last update 03.09.2006 12:01
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Neal's Last Words


Neal's Last Words

by Byron "Neal" Massey

You're Drafted

One of the problems with Netrunner has been tournament and league play. Constructed deck tournaments can quickly degenerate into the battle between "Power Decks" (called "cheese" by the "Fun" players) and "Fun Decks" (called "weak" by the "Power" players). Sealed deck tournaments can often be decided by the lucky player who pulls a Newsgroup Filter and a Technician Lover, or some equally powerful combination of bit-gaining cards and detection. What to do?

If you use some strategy and have decent luck... you can end up with a strong theme for your decks. That's nice in such a limited environment.

Holding a booster draft is one step in the right direction. Netrunner pundit Frisco Del Rosario dismissed this idea in a former "Frisky AI" column, but I'd like to reconsider it now.

Start by getting at least four people in a circle, each with a starter deck and a v1.0 booster pack. Each person should sort the Corp cards from the Runner cards and place them in seperate piles. The Agendas should then be sorted into a seperate pile and taken in hand.

When everyone is ready, each person should select one Agenda from the cards they are holding, then pass the rest to their left. No one should pass their cards until everyone has selected from the group they are holding. When you receive the remaining Agendas from the player on your right, select one and pass the rest to your left. Keep doing this until all the Agendas have been selected.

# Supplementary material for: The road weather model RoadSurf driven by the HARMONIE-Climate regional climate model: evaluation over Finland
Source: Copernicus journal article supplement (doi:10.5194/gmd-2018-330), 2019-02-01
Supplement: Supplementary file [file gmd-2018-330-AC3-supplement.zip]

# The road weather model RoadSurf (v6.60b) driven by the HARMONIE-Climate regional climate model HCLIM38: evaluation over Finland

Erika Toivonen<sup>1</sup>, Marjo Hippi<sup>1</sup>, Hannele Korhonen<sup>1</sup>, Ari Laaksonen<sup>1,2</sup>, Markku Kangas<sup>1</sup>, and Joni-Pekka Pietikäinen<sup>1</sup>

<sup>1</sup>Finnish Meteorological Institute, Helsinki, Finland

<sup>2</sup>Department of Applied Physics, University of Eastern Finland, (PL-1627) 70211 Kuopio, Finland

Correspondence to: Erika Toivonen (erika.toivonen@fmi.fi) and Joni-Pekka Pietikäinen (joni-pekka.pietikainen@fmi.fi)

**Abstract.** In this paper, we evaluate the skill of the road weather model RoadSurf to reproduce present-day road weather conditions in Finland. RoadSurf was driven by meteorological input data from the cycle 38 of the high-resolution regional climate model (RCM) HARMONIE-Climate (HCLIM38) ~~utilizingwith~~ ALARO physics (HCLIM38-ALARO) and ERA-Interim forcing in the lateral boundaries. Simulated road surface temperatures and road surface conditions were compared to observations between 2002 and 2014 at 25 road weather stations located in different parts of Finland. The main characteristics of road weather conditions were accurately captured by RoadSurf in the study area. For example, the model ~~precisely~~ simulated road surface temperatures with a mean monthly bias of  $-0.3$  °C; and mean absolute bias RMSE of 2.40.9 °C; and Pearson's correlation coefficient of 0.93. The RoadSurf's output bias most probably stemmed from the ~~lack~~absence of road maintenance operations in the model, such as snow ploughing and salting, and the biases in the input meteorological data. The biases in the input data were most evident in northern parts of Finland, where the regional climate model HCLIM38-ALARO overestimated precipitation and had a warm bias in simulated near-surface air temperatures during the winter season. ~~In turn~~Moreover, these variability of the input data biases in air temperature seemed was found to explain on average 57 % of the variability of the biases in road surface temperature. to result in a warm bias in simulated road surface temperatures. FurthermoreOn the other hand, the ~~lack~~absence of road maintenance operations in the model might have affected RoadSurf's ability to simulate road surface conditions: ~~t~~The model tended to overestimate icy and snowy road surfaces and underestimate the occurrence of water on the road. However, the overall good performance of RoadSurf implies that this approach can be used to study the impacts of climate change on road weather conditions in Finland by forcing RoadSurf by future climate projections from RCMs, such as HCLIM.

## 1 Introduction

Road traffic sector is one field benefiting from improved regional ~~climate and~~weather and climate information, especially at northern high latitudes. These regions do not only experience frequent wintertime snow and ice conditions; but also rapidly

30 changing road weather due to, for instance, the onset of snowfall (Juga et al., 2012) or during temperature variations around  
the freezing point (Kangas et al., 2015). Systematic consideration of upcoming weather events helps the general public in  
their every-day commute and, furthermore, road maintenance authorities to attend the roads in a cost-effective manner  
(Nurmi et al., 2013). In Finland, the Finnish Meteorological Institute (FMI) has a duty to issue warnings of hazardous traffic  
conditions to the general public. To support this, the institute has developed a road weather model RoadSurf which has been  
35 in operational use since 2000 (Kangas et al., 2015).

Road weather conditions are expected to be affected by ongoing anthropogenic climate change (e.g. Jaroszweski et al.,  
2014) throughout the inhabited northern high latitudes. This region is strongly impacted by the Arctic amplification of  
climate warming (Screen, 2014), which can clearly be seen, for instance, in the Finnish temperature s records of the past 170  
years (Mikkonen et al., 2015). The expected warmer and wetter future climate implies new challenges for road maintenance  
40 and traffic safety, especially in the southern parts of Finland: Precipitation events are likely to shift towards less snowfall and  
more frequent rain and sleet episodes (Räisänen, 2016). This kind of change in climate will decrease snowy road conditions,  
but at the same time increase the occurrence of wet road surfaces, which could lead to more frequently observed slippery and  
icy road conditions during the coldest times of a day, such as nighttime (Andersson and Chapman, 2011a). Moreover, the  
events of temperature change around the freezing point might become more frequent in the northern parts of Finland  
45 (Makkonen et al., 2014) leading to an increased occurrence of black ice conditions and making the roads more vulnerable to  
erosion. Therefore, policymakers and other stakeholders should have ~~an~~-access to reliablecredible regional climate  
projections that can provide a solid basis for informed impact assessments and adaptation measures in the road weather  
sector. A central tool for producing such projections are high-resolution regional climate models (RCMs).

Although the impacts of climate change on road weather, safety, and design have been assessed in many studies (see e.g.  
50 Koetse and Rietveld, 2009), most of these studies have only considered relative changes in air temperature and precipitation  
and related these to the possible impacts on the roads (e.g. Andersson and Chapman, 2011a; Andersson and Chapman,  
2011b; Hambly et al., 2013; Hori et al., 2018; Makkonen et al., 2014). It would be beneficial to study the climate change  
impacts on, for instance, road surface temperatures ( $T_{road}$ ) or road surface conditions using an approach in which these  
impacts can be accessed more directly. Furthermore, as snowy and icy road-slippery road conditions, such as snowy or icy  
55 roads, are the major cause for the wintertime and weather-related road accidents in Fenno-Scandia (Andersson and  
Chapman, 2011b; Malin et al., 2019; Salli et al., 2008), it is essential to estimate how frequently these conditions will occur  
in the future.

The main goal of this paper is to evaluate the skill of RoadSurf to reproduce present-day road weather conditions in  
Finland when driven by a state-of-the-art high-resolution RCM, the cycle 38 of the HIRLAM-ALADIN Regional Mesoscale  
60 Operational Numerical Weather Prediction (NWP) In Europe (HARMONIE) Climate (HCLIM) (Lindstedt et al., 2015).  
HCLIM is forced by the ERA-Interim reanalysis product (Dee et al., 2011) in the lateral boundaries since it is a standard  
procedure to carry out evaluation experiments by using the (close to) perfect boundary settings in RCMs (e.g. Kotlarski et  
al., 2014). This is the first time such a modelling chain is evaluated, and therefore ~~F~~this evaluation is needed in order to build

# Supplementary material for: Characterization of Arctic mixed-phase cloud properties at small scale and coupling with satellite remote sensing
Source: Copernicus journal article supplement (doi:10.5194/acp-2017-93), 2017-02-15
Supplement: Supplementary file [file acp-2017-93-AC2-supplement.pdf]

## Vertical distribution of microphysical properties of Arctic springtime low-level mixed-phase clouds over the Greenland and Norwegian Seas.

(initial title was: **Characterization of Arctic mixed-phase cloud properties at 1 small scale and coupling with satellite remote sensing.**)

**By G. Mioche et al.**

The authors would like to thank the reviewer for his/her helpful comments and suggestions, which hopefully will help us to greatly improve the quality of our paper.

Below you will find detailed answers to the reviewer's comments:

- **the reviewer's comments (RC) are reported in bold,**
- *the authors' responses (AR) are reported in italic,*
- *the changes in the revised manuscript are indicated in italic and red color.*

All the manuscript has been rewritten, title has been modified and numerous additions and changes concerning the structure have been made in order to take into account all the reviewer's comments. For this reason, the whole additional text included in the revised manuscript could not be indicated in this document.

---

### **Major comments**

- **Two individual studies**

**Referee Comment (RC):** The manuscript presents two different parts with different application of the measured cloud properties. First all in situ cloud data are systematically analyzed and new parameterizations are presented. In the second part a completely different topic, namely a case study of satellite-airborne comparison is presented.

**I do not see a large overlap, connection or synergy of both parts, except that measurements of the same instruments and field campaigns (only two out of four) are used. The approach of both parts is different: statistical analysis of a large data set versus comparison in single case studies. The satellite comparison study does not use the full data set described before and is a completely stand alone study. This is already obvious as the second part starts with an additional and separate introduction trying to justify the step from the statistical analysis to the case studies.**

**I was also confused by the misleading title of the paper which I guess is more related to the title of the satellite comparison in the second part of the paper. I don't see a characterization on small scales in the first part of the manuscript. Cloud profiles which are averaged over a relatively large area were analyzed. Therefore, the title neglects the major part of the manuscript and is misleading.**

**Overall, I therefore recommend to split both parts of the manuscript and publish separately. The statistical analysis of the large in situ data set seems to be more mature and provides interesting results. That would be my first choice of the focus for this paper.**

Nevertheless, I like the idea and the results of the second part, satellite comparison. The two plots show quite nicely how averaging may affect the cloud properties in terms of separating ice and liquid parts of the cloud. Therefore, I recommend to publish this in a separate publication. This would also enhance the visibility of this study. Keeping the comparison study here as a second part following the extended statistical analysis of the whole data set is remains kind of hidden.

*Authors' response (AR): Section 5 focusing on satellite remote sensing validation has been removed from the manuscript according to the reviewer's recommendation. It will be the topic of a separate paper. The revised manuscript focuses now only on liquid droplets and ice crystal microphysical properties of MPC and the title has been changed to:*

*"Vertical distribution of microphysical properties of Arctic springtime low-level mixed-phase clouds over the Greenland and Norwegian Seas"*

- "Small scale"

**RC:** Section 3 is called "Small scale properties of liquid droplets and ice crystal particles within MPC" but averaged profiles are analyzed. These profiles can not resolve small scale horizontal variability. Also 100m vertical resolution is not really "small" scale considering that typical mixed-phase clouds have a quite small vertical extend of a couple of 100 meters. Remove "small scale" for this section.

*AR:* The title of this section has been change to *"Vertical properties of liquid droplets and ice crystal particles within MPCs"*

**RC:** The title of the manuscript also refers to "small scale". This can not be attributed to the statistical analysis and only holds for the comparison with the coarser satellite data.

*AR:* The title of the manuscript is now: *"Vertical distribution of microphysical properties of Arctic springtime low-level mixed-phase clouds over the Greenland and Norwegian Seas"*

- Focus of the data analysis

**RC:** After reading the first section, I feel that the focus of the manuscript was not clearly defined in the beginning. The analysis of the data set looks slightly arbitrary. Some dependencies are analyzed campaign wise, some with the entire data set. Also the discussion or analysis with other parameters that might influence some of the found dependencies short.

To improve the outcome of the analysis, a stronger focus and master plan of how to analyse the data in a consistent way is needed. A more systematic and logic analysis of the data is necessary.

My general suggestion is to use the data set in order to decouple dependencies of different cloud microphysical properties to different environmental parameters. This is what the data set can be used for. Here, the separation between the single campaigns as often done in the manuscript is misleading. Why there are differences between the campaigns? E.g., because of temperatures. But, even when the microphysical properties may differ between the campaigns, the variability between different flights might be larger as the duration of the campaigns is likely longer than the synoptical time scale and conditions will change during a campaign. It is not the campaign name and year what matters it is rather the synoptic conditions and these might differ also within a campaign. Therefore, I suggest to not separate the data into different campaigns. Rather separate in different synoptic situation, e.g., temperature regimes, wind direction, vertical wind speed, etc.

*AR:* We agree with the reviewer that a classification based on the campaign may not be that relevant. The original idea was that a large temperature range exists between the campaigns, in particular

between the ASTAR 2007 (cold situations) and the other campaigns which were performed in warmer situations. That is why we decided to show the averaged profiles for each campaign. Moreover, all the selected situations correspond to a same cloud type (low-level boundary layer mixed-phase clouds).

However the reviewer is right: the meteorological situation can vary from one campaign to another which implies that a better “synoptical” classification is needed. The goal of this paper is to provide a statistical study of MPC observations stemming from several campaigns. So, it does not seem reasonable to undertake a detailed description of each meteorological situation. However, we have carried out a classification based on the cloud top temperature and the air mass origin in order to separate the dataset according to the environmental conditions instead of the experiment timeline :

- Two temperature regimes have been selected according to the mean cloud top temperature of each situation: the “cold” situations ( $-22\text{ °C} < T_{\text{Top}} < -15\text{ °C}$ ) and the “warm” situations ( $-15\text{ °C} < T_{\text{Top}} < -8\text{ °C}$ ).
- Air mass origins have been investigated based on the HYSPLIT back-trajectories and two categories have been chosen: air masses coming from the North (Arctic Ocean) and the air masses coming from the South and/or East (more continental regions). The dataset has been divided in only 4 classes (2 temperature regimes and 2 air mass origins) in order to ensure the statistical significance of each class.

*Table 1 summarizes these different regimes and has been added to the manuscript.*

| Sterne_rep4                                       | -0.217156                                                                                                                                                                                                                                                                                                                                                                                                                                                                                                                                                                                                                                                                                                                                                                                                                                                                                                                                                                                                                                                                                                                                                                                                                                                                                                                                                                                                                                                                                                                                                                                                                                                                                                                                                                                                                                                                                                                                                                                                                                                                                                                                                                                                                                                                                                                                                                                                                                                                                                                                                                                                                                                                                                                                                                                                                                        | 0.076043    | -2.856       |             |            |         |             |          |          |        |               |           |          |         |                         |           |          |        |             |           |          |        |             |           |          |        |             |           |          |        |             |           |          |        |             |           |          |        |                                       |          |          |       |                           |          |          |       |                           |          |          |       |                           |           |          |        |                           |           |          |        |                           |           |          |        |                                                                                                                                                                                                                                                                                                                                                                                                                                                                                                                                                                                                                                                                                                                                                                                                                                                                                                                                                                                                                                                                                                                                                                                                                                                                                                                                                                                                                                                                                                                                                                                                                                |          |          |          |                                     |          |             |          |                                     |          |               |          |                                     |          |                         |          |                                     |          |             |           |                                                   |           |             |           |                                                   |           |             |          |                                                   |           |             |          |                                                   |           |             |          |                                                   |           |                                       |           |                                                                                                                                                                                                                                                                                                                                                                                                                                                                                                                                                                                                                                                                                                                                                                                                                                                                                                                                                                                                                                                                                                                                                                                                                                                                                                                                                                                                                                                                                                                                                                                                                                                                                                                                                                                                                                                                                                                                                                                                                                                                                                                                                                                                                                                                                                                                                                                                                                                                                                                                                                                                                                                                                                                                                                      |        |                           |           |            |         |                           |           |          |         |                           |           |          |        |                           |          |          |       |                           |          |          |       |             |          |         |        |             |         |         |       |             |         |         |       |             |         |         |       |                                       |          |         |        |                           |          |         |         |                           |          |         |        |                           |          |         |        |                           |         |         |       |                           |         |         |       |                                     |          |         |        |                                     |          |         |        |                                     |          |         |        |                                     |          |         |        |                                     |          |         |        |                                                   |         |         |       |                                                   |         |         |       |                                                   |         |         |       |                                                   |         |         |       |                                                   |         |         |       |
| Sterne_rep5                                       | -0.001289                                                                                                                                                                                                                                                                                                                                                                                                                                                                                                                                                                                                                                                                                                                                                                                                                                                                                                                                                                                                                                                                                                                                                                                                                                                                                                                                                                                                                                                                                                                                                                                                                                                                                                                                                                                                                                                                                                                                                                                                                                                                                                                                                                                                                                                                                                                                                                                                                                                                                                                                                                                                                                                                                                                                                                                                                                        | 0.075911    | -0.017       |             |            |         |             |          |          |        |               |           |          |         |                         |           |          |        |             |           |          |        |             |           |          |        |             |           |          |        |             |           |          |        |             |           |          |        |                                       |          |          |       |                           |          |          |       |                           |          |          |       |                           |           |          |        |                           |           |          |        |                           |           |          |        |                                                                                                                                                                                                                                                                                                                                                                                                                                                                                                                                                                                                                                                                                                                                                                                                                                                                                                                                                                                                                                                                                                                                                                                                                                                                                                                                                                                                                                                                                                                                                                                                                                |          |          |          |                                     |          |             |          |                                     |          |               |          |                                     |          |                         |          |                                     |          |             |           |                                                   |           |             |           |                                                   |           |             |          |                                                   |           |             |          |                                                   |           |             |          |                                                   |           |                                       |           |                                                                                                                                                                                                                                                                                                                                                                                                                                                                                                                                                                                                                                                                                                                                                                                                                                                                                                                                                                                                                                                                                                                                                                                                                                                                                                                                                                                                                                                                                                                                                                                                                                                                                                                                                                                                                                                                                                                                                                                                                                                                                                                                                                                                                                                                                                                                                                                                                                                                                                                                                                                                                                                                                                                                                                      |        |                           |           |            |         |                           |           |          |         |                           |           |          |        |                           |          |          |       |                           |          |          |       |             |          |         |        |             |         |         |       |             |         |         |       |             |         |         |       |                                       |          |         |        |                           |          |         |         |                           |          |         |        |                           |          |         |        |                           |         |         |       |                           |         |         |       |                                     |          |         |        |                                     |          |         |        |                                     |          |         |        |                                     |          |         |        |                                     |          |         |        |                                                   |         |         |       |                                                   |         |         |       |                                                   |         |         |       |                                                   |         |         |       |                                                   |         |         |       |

Now take the rest of the Corp cards and start the process again. There should be a fifteen-second time limit on each selection to keep things moving. When all the Corp cards are selected, switch over to the Runner cards and repeat. The whole draft should take about 35 minutes. It may involve some bad choices because of the time limit, but that's all part of the fun.

After you have selected all your cards, build your decks. You should have 45 cards left over, Donate 30 of them to the prize fund for the tournament.

So what makes this form of tournament special?

* The cost is low. A starter is about $11 and a booster about $2 for purchase on the internet, so each person can join the draft for around $13. That's darn cheap for 105 cards.
* If you use some strategy and have decent luck with the cards you are passed, you can end up with a strong theme for your decks. That's nice in such a limited card environment.
* You get to test your drafting skill AND your playing skill.
* As the cards circulate, you can make guesses about the strategies other players are building.
* No one wins the tournament because they got a "lucky starter deck". They might get a single lucky card, but no single card should allow a player to win in Netrunner.

Try it out and let me know how it goes. If you find yourself sitting in the circle, looking to your right and wondering what happened to all the Tagging operations, don't worry.